This rant brought to you by Heidi Klum’s offer to “help” Britney Spears.  Seriously.  How can she possibly imagine that a vacation in a house full of strangers and toddlers is going to help this woman get her life back together?  I don’t pretend to know what it is that Britney would need to get her life under control, and I’m a so-called professional.  Heidi can help me (or Britney) if we need to get kicked off a reality show about fashion.  Otherwise?  It’s a cute little headline grabber that keeps Britney in the news even when she’s not going pantsless in public, not to mention giving Heidi an extra moment in the public consciousness.  Super-helpful, indeed.

Maybe Heidi deserves the benefit of the doubt; maybe she’s thinking in a selfless and benevolent manner.  Fine, but stop and think of what sorts of chaos and uncontrollability she’s – albeit hypothetically – inviting into her home and impressing upon her own children.  Think about how incredibly unnatural and random it would be for anyone struggling with mental illness to end up in a house with Heidi Klum and Seal.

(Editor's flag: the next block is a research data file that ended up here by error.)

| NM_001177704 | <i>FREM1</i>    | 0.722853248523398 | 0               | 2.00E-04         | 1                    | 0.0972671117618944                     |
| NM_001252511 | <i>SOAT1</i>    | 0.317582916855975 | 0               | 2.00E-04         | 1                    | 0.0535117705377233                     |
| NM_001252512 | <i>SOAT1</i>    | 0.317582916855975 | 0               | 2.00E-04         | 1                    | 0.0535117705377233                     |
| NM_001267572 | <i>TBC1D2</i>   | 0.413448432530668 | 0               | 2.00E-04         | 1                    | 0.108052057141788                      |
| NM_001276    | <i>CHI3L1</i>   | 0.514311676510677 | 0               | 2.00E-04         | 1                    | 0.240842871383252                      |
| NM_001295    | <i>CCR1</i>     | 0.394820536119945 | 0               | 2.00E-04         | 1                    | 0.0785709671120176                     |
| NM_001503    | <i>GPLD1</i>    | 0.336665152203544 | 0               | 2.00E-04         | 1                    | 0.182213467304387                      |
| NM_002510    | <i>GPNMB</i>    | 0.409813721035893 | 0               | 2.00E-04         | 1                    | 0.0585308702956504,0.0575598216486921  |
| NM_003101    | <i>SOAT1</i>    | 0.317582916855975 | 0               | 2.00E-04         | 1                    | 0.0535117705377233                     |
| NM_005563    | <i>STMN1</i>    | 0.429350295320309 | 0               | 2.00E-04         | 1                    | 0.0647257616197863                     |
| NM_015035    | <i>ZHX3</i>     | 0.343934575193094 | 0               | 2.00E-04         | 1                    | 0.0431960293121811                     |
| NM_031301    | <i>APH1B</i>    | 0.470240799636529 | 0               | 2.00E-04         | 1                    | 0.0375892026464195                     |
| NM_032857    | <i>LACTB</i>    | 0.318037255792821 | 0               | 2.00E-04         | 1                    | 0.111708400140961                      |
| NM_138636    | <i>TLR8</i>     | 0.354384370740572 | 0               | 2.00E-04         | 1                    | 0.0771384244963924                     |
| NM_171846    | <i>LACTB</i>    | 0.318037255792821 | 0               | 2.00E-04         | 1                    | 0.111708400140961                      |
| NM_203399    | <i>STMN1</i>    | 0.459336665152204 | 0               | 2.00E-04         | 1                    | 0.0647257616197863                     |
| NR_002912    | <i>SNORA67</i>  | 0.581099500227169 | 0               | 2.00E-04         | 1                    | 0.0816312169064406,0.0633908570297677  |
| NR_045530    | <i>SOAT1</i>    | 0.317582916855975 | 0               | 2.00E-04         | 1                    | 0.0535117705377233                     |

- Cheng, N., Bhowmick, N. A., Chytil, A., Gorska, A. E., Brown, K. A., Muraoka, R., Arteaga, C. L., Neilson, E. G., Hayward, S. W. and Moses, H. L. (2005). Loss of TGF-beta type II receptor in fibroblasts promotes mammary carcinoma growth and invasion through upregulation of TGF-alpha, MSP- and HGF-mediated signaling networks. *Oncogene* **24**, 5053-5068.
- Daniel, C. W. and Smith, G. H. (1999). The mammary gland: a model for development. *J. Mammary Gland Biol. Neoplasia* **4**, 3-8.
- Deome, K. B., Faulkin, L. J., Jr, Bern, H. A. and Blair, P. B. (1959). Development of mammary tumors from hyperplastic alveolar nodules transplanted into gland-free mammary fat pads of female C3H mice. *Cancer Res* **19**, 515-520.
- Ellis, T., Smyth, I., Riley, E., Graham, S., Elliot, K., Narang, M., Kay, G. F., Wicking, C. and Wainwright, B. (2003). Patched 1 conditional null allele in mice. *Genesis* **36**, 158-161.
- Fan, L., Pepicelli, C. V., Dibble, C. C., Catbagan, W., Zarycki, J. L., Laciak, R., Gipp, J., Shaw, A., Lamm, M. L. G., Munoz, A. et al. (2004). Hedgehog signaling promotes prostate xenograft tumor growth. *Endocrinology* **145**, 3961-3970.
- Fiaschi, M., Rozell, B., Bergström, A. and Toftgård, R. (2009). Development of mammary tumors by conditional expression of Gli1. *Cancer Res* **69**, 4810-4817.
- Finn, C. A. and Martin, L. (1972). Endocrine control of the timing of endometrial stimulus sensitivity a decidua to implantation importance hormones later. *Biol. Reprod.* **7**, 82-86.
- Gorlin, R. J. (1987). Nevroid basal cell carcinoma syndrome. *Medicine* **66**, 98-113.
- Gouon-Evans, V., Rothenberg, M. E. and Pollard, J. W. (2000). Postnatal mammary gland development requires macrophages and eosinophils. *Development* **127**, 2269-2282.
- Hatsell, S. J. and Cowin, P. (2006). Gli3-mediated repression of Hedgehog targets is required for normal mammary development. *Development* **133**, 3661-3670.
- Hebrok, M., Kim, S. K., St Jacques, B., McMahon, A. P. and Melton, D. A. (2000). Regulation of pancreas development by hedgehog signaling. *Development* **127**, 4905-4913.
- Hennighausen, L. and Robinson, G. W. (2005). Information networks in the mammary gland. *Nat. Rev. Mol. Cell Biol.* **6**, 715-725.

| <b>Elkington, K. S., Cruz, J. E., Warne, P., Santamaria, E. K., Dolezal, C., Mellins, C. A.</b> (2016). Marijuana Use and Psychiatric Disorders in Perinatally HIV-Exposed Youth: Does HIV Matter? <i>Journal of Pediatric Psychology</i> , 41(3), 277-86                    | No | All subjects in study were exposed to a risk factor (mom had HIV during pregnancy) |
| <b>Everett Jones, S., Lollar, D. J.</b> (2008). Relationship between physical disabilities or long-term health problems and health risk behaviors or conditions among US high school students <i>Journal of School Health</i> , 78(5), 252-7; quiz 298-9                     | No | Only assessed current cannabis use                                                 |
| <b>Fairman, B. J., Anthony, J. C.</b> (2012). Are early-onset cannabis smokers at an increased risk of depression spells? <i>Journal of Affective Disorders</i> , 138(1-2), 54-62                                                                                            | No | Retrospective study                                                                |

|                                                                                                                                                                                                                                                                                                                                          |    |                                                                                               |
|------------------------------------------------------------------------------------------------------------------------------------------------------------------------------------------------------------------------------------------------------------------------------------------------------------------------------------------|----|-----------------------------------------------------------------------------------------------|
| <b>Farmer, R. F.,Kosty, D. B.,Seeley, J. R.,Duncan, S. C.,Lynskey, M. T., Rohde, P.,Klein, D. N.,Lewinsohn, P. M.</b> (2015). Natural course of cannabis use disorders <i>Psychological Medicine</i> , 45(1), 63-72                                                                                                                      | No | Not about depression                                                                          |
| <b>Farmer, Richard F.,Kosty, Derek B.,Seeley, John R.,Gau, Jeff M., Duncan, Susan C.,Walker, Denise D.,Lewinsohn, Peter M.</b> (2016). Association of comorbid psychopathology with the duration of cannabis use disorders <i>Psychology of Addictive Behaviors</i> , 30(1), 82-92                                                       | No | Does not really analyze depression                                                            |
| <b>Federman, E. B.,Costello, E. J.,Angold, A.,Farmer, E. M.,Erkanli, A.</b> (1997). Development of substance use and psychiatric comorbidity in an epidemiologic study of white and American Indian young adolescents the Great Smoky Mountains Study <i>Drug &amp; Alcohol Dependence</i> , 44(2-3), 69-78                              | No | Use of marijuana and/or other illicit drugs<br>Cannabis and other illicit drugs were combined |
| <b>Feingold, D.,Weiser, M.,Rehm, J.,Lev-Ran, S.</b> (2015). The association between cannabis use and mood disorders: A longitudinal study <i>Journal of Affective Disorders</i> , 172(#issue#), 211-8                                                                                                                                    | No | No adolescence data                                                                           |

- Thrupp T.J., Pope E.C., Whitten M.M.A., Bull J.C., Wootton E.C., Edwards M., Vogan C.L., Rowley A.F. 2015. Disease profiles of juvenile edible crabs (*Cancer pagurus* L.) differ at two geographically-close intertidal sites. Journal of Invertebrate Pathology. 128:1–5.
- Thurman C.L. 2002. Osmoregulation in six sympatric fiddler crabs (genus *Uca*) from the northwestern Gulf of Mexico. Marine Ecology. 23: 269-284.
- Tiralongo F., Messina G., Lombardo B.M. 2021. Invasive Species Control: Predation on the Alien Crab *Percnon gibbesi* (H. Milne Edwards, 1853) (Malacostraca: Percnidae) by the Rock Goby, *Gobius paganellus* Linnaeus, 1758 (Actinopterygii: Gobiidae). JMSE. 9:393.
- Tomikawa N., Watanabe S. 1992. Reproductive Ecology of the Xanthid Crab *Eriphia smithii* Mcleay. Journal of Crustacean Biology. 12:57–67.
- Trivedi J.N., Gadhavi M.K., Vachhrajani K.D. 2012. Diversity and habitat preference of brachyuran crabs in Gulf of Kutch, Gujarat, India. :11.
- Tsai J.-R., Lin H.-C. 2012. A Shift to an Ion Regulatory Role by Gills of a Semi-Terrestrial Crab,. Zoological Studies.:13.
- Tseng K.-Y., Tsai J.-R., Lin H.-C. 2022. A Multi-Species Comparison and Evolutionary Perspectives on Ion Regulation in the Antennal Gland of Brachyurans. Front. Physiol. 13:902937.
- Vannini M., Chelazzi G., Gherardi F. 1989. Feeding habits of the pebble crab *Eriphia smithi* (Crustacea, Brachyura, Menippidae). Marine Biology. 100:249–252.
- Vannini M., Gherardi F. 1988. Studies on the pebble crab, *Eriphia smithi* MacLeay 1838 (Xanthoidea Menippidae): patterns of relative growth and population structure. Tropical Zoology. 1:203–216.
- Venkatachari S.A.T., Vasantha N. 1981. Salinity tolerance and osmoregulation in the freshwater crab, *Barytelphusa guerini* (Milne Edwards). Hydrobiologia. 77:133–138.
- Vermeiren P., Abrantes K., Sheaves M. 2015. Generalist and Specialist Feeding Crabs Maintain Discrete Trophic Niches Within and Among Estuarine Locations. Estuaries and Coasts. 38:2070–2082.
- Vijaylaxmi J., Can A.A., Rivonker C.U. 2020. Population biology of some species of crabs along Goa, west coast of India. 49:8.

Sometimes, if you can’t find a way to help from that person’s perspective instead of from your own, it’s better to just not help.



  1. Wow, I hadn’t heard of this, but you are right—so incredibly random. And, if Britney has been judged to be a danger around her own children, why in the world would you want her around yours???

  2. That quote “I would set her straight” in the article tells me Heidi understands nothing of the complexities involved. The ego that says “I can fix you” is a problem-attitude that just adds to the situation.

  3. I am emailing you

  4. “but we’re never gonna survive unless we get a little crazy”

  5. Aghhh! now I go that song in my head!!! Thanks Sara. 😉
    I must agree on all levels of what you said. Plu the fact that her addiction to the media is still being filled by this mindless effort to “help her” by other media hungry celebrities. I wish there was a “miracle pill” for mental illness and depression the world would be a much nicer, happier and safer place.